9780199538171Undoubtedly Post-1865 Man and Wife is another Wilkie Collins masterpiece, and I am not in the slightest doubt that he will always be my favourite authors of all no matters how many authors I have read in my life.

I love reading Wilkie’s novels published by Oxford World’s Classics because apart from its beautiful covers (source of my interest in Pre-Raphaelite art) I would always go back to the introductory pages after finishing the novels, in which a lot of background information about the novels and the social circumstances are stated and described in great details. According to these pages, I have gathered that Man and Wife was inspired by the nuptial case between William Yelverton and Theresa Longworth. They were Protestant and Roman Catholic respectively; however they stated their vows before a Catholic priest and married in Ireland, and they soon found that the ceremony was actually announced null and void. This irregular marriage case somehow brought the adoption of Married Women’s Property Act and the reform of Irish and Scotland’s scandalous marriage law. Fascinating facts!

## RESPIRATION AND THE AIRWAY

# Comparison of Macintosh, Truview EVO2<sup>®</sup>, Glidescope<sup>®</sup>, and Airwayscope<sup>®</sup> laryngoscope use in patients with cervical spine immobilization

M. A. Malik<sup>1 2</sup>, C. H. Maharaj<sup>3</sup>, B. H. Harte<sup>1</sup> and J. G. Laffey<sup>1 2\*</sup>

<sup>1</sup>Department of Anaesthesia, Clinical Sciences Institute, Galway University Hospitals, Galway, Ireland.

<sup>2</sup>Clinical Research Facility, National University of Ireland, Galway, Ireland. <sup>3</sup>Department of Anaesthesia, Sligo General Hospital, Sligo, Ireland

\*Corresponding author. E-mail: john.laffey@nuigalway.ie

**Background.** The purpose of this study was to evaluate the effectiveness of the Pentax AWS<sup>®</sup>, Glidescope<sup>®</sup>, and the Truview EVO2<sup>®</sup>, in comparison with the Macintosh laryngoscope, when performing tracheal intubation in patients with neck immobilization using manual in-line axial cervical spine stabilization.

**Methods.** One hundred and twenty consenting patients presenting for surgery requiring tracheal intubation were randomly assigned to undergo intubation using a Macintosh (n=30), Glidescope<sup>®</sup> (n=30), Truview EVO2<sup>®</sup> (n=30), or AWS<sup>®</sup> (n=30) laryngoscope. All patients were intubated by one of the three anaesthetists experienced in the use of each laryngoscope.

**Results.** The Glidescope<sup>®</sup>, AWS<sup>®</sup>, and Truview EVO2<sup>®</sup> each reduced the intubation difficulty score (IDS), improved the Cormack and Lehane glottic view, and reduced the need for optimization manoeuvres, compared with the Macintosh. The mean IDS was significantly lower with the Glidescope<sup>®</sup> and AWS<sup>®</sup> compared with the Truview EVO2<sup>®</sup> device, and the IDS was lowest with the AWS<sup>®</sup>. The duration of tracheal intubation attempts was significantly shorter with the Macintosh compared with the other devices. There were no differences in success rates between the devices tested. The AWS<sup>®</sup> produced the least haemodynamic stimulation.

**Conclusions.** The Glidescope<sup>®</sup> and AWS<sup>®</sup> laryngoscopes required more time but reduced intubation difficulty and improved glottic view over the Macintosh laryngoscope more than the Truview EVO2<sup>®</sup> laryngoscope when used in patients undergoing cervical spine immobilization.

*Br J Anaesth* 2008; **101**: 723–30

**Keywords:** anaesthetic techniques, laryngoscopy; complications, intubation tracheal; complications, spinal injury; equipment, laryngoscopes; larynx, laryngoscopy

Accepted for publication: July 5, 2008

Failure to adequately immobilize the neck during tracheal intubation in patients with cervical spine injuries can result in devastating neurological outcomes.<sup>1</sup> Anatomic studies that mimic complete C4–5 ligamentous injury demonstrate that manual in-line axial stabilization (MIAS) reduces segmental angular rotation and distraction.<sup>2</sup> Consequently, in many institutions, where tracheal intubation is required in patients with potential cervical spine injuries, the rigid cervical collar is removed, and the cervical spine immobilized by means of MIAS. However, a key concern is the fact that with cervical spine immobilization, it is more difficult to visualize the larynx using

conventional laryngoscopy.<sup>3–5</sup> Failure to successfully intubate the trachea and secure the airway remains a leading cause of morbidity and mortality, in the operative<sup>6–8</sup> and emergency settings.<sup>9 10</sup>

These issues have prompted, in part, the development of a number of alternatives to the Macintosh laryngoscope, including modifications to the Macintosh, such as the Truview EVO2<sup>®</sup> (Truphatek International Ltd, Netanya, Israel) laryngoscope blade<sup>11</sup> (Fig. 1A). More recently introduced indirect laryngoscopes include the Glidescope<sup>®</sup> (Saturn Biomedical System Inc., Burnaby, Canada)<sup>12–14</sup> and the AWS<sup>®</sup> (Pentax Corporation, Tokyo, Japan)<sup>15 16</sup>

In this novel, Wilkie actually had a mission of narrating, of which one is called “Athleticism” – that was mentioned in the preface:

Is no protest needed, in the interests of civilization, against a revival of barbarism among us, which asserts itself to be a revival of manly virtue, and finds human stupidity actually dense enough to admit the claim?